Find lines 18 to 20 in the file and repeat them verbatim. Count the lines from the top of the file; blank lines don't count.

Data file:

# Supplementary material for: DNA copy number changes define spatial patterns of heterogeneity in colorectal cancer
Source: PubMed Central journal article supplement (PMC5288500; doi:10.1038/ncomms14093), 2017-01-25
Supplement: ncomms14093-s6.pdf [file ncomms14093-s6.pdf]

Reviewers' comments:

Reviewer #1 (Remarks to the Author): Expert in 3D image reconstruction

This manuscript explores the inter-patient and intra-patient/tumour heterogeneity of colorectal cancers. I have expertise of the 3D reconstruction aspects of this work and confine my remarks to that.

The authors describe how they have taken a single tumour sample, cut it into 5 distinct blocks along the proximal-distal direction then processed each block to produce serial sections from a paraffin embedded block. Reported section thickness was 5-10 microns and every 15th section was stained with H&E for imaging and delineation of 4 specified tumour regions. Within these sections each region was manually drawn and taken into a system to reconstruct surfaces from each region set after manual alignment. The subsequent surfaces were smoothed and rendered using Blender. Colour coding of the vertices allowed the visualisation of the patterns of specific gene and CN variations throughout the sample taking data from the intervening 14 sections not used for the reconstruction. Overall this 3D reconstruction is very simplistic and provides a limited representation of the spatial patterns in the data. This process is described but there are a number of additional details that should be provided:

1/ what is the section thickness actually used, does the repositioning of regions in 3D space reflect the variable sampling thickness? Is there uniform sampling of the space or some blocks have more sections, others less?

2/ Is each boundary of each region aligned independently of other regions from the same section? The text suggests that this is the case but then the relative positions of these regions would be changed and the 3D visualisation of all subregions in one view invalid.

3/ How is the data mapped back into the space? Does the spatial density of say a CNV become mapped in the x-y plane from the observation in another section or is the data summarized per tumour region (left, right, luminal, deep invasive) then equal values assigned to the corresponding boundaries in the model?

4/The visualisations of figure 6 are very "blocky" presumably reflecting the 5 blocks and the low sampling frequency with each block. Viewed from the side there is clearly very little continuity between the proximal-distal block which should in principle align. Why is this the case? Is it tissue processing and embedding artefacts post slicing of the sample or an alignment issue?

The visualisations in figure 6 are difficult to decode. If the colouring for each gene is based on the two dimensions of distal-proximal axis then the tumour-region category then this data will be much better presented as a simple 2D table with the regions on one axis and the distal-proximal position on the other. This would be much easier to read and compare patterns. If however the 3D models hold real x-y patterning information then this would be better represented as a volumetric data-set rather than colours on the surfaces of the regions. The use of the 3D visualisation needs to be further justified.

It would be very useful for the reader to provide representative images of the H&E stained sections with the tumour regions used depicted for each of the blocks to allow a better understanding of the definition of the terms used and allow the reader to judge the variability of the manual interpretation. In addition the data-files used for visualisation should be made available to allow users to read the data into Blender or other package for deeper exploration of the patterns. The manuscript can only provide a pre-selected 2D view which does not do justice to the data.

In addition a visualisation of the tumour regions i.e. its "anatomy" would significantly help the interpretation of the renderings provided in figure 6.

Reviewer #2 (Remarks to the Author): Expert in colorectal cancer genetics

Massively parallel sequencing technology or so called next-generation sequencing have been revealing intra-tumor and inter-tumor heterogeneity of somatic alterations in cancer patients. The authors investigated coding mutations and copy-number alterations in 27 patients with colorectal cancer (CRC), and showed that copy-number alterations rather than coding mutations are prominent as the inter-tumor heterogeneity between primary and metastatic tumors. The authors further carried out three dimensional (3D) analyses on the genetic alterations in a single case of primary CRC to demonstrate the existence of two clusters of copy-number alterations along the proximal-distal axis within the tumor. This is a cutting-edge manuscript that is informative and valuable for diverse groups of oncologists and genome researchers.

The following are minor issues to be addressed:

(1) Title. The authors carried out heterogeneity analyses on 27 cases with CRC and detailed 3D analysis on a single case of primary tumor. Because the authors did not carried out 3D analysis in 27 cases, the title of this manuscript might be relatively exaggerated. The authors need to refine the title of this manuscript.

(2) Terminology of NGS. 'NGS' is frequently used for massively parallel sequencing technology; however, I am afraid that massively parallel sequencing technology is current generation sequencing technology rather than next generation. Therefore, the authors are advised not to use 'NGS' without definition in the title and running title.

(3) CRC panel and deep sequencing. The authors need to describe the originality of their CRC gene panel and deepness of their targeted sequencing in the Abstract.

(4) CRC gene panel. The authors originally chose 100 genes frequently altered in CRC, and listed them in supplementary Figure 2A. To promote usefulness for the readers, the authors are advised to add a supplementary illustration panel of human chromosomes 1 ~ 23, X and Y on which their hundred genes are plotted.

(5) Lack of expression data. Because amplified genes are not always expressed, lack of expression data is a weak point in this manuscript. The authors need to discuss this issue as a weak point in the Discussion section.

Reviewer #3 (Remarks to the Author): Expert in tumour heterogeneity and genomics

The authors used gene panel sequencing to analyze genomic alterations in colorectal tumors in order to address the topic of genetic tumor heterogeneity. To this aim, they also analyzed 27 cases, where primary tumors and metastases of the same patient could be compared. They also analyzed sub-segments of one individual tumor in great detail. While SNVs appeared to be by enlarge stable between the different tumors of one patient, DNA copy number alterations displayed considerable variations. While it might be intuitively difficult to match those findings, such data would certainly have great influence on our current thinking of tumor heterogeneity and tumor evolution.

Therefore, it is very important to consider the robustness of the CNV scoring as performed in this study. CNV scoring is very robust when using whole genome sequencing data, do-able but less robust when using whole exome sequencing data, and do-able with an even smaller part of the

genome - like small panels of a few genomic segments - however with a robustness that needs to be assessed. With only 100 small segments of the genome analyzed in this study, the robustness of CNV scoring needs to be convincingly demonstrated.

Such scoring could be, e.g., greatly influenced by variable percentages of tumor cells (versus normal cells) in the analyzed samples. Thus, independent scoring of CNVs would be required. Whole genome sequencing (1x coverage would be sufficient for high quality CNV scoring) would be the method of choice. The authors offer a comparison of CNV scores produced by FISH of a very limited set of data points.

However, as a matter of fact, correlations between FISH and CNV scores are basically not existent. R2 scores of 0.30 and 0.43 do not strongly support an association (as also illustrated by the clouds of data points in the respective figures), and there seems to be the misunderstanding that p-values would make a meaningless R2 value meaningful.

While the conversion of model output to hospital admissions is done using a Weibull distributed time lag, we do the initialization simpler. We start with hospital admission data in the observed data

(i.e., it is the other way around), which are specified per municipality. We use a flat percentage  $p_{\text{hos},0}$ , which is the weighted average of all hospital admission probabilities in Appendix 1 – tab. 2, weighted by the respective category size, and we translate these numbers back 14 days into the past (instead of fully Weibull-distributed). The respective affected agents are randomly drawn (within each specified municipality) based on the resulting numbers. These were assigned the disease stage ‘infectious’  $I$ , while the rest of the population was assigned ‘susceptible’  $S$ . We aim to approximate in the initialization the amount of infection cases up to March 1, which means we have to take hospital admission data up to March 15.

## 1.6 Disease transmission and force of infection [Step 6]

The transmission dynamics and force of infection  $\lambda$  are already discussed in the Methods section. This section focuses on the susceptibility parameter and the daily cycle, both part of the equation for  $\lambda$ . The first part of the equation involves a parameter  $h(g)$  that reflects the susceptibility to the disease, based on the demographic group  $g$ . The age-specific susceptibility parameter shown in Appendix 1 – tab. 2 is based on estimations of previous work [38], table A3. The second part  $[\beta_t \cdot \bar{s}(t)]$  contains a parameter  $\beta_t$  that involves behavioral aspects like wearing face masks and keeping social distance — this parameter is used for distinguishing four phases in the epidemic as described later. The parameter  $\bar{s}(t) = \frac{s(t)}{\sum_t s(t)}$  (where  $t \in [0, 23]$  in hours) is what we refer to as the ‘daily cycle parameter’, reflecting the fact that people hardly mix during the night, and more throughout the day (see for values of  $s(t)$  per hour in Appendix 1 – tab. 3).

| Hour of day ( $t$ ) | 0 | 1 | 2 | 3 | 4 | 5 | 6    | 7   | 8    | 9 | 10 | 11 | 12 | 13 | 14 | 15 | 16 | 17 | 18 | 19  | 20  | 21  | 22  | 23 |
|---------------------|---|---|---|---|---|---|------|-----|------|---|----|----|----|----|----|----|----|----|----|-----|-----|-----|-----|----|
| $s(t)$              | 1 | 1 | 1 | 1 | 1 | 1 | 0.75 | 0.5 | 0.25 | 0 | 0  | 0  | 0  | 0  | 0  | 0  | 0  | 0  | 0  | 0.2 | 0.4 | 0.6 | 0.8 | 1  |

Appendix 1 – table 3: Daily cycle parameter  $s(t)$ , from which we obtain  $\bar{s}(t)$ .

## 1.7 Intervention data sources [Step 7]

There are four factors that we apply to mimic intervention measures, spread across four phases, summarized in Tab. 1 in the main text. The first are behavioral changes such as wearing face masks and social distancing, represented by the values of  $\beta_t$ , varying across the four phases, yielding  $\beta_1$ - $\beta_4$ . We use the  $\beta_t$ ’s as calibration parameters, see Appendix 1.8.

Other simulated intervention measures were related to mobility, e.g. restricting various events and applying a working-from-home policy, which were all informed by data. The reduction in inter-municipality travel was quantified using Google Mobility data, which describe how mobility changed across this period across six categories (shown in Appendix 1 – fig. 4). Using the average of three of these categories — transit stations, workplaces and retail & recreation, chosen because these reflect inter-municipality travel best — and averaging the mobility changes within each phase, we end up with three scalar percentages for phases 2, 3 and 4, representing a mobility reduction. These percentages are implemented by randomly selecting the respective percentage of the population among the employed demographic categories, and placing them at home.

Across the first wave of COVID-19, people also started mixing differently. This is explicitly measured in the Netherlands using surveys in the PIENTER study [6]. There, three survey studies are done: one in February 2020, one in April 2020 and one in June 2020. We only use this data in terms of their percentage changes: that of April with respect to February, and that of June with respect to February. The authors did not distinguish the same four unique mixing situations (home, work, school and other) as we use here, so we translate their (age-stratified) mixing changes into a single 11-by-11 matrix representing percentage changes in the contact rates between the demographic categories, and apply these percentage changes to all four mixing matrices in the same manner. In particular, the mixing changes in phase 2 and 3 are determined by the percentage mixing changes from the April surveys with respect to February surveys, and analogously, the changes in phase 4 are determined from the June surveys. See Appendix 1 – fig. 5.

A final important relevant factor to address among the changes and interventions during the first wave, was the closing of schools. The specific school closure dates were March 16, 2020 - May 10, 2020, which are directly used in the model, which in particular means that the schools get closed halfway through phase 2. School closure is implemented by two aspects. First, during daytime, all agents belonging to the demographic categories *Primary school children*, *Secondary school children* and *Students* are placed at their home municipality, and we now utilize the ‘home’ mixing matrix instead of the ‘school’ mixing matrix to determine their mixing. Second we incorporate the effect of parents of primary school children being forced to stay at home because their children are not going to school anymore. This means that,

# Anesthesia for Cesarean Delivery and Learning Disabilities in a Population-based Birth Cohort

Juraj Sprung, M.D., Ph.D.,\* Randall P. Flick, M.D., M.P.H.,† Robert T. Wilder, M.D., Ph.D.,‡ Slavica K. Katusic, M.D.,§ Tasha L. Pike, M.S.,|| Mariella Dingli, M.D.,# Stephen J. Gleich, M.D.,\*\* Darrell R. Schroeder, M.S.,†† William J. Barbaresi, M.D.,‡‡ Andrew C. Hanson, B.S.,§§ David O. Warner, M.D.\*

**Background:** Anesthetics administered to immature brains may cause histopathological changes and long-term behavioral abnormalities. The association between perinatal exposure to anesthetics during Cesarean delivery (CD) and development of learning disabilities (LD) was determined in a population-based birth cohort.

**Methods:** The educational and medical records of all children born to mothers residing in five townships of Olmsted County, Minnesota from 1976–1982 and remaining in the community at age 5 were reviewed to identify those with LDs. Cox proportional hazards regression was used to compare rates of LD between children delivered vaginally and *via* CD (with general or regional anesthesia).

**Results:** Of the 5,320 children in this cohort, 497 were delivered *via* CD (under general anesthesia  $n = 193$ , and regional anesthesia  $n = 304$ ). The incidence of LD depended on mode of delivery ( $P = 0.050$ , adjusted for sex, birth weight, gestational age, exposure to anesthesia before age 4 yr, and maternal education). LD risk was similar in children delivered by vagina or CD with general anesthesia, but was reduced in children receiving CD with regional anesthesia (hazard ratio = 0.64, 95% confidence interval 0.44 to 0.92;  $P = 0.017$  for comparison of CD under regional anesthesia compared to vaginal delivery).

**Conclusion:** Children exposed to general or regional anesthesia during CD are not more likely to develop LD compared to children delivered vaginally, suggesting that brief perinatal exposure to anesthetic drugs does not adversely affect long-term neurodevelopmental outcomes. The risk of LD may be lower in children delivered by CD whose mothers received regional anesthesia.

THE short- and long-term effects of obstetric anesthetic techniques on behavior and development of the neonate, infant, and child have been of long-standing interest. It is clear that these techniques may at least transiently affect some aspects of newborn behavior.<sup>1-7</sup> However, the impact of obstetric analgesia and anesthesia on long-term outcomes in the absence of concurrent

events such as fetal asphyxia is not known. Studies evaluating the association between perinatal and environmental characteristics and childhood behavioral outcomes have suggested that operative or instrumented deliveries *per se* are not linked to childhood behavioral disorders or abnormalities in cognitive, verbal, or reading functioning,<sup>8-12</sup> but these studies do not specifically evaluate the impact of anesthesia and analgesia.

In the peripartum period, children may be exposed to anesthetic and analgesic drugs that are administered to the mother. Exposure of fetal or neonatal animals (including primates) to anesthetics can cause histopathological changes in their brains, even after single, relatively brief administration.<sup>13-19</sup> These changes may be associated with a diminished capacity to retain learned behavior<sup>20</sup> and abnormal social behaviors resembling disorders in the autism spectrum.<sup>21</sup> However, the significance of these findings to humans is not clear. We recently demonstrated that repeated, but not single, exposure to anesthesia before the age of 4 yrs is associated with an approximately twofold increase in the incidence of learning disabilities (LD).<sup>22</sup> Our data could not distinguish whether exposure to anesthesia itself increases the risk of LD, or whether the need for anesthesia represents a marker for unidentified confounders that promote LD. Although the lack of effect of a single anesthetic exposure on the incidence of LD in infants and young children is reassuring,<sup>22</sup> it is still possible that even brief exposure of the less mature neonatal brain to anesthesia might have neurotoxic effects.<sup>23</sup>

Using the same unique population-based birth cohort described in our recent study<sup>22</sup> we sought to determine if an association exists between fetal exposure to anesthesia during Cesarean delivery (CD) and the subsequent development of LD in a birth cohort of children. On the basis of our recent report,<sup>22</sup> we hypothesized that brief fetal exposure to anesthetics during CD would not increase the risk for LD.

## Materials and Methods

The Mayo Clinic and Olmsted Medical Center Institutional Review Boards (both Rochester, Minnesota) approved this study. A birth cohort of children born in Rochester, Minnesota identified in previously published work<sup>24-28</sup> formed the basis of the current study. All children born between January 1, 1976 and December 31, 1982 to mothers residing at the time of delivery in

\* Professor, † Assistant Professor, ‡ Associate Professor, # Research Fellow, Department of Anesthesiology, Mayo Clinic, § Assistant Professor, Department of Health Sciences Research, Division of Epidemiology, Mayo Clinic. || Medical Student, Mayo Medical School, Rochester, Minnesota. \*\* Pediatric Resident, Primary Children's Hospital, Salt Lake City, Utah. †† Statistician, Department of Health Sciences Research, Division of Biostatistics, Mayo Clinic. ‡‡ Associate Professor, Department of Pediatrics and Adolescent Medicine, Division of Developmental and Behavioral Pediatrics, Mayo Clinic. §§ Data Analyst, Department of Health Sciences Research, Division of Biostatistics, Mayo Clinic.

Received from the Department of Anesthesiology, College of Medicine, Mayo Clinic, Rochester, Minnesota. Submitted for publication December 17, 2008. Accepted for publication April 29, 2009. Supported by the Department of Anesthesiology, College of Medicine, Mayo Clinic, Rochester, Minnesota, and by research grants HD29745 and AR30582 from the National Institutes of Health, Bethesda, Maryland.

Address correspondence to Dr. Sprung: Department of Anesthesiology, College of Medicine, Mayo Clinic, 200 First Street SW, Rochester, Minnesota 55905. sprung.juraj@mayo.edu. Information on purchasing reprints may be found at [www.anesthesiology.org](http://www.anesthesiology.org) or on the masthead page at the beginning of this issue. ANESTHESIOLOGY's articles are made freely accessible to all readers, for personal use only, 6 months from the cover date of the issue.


(1) Title. The authors carried out heterogeneity analyses on 27 cases with CRC and detailed 3D analysis on a single case of primary tumor. Because the authors did not carried out 3D analysis in 27 cases, the title of this manuscript might be relatively exaggerated. The authors need to refine the title of this manuscript.

(2) Terminology of NGS. 'NGS' is frequently used for massively parallel sequencing technology; however, I am afraid that massively parallel sequencing technology is current generation sequencing technology rather than next generation. Therefore, the authors are advised not to use 'NGS' without definition in the title and running title.

(3) CRC panel and deep sequencing. The authors need to describe the originality of their CRC gene panel and deepness of their targeted sequencing in the Abstract.